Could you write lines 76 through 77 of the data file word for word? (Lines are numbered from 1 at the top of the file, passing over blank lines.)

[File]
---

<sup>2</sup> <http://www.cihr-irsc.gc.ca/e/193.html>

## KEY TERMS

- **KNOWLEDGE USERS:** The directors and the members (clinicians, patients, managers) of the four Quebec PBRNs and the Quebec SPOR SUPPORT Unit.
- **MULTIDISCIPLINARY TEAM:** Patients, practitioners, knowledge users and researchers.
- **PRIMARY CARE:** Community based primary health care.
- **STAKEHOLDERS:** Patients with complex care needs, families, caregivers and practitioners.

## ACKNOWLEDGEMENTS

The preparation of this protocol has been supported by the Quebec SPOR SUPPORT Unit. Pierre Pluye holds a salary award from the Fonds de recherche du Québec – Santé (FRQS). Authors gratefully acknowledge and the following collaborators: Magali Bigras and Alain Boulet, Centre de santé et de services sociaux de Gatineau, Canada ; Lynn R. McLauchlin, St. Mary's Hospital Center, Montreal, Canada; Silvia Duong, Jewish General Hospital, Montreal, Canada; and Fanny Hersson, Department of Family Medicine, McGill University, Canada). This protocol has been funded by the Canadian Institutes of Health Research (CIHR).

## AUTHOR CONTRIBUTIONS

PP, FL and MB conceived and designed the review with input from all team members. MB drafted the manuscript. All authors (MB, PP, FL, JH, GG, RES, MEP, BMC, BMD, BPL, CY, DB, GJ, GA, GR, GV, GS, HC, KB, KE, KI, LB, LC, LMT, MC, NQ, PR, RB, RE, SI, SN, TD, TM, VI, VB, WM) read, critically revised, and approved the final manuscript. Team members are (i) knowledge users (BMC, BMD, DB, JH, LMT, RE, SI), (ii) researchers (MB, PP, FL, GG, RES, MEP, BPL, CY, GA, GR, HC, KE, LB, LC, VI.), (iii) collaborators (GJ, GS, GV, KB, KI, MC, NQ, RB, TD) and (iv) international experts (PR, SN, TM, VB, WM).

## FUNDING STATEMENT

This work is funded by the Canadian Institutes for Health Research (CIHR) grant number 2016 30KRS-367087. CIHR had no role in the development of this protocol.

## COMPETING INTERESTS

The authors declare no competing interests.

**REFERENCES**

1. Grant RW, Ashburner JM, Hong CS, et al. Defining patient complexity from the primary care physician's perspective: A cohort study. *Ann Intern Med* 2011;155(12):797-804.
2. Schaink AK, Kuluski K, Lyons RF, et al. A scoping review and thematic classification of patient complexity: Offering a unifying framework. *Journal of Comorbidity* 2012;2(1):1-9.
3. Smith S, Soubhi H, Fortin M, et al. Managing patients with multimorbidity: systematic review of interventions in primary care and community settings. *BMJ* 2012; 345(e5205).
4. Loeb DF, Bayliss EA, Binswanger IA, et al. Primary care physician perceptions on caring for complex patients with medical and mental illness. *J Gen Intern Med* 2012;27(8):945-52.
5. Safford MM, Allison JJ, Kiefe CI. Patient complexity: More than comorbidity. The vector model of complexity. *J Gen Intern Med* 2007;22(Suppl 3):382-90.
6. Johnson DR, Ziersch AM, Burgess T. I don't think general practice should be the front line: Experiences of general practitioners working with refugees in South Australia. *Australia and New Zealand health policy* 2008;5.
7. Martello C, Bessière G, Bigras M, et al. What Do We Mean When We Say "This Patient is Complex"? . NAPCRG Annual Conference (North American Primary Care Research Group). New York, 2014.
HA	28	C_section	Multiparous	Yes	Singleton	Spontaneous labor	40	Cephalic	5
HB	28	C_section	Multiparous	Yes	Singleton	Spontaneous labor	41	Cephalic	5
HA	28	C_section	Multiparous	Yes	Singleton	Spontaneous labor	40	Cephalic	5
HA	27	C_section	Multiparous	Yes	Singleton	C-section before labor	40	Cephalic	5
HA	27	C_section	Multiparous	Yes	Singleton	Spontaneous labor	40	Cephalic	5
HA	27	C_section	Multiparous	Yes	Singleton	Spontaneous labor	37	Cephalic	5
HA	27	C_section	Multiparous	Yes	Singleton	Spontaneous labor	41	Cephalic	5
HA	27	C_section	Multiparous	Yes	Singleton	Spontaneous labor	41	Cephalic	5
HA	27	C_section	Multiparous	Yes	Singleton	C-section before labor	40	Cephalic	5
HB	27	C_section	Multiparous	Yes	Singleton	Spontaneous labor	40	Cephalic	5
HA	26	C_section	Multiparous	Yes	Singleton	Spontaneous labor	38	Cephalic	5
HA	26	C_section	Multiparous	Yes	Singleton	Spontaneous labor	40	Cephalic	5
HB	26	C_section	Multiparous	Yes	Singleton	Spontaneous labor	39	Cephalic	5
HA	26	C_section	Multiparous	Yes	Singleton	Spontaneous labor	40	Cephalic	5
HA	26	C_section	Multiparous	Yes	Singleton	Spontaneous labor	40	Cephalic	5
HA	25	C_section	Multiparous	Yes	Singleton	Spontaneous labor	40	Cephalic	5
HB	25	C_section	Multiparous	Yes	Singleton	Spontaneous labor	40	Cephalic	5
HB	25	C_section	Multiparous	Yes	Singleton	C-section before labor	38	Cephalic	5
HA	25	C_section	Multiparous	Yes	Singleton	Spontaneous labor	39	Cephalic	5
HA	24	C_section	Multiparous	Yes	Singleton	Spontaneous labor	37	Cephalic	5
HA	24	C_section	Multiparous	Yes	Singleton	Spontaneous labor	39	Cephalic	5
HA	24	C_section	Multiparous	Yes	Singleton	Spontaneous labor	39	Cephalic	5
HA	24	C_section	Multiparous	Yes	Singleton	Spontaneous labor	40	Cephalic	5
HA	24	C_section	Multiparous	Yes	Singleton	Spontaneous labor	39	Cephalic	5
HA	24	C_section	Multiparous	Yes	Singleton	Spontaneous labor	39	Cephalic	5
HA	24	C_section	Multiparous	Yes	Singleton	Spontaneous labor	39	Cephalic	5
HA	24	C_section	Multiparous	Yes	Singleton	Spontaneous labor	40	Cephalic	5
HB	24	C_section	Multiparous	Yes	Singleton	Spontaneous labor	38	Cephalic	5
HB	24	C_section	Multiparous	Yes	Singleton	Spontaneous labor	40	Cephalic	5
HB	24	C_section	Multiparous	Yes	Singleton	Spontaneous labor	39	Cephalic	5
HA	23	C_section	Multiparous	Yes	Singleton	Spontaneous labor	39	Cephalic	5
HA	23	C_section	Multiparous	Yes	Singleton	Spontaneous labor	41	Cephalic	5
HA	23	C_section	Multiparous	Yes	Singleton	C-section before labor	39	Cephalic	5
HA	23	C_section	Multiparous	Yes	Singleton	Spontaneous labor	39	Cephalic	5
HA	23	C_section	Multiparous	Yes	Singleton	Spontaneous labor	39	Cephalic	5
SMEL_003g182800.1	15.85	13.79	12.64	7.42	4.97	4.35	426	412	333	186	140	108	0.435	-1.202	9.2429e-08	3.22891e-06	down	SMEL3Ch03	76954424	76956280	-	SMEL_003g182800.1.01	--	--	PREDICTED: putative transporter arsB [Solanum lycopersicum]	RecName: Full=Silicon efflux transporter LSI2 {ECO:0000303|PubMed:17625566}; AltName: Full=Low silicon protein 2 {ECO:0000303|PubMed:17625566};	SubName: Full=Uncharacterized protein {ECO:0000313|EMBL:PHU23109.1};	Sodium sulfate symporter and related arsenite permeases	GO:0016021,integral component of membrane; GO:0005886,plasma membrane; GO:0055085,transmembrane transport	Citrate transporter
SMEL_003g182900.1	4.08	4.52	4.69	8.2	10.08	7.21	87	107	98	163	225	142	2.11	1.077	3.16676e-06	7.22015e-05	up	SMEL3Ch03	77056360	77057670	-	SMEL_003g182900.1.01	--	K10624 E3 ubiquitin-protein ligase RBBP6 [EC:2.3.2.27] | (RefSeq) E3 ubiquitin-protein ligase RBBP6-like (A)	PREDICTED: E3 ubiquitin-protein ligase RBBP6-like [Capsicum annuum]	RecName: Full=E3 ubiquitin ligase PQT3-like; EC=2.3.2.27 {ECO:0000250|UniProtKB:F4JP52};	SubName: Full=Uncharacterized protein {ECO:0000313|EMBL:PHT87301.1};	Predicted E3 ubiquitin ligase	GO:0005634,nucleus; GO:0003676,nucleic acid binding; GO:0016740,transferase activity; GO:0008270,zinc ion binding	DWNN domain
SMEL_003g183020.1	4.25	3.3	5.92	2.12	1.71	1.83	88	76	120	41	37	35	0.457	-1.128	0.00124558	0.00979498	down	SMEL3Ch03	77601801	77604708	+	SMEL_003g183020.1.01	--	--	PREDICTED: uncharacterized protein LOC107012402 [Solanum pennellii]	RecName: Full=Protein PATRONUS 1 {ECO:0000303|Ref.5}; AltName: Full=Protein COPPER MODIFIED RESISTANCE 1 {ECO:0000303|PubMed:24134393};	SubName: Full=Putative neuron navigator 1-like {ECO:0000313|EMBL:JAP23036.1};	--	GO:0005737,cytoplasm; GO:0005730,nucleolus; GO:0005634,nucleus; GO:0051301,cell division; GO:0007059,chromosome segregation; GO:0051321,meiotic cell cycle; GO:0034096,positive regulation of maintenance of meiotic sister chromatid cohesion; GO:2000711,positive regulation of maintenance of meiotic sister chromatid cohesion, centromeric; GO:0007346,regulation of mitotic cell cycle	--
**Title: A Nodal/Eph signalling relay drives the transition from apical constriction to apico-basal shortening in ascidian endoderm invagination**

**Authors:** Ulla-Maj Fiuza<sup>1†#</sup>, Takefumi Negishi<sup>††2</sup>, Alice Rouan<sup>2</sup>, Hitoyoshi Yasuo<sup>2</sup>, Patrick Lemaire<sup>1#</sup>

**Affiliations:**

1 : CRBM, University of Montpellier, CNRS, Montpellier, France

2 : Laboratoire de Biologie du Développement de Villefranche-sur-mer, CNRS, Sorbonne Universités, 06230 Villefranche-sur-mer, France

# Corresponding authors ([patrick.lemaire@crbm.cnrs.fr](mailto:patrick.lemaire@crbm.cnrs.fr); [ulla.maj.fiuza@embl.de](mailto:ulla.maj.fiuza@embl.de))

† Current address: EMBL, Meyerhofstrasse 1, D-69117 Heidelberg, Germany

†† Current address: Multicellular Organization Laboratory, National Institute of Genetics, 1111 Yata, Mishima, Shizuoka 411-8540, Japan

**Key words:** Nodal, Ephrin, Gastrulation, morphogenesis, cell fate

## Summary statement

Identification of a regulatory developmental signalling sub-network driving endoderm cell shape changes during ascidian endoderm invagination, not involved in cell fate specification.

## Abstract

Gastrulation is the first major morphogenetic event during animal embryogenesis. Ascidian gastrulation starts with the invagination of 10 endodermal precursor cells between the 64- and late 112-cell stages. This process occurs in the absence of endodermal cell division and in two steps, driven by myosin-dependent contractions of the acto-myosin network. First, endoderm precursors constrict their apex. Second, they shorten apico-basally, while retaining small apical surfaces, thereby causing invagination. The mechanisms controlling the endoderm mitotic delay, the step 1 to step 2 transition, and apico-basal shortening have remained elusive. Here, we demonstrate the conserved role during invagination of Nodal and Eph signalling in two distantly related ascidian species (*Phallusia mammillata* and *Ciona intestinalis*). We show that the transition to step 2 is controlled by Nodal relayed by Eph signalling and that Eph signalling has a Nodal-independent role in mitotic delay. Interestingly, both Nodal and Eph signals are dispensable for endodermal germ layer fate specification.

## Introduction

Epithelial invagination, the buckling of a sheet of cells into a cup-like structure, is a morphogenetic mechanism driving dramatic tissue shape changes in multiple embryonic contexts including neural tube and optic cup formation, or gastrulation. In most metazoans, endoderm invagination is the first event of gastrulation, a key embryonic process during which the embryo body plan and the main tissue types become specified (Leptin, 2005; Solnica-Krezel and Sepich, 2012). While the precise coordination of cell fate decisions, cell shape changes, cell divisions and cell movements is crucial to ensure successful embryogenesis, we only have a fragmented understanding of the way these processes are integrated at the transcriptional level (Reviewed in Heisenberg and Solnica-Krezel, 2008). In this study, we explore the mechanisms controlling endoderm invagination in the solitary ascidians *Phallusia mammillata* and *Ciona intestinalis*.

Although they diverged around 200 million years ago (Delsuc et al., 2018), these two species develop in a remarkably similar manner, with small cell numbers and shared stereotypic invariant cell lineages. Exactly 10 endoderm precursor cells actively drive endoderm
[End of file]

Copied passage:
Epithelial invagination, the buckling of a sheet of cells into a cup-like structure, is a morphogenetic mechanism driving dramatic tissue shape changes in multiple embryonic contexts including neural tube and optic cup formation, or gastrulation. In most metazoans, endoderm invagination is the first event of gastrulation, a key embryonic process during which the embryo body plan and the main tissue types become specified (Leptin, 2005; Solnica-Krezel and Sepich, 2012). While the precise coordination of cell fate decisions, cell shape changes, cell divisions and cell movements is crucial to ensure successful embryogenesis, we only have a fragmented understanding of the way these processes are integrated at the transcriptional level (Reviewed in Heisenberg and Solnica-Krezel, 2008). In this study, we explore the mechanisms controlling endoderm invagination in the solitary ascidians *Phallusia mammillata* and *Ciona intestinalis*.

Although they diverged around 200 million years ago (Delsuc et al., 2018), these two species develop in a remarkably similar manner, with small cell numbers and shared stereotypic invariant cell lineages. Exactly 10 endoderm precursor cells actively drive endoderm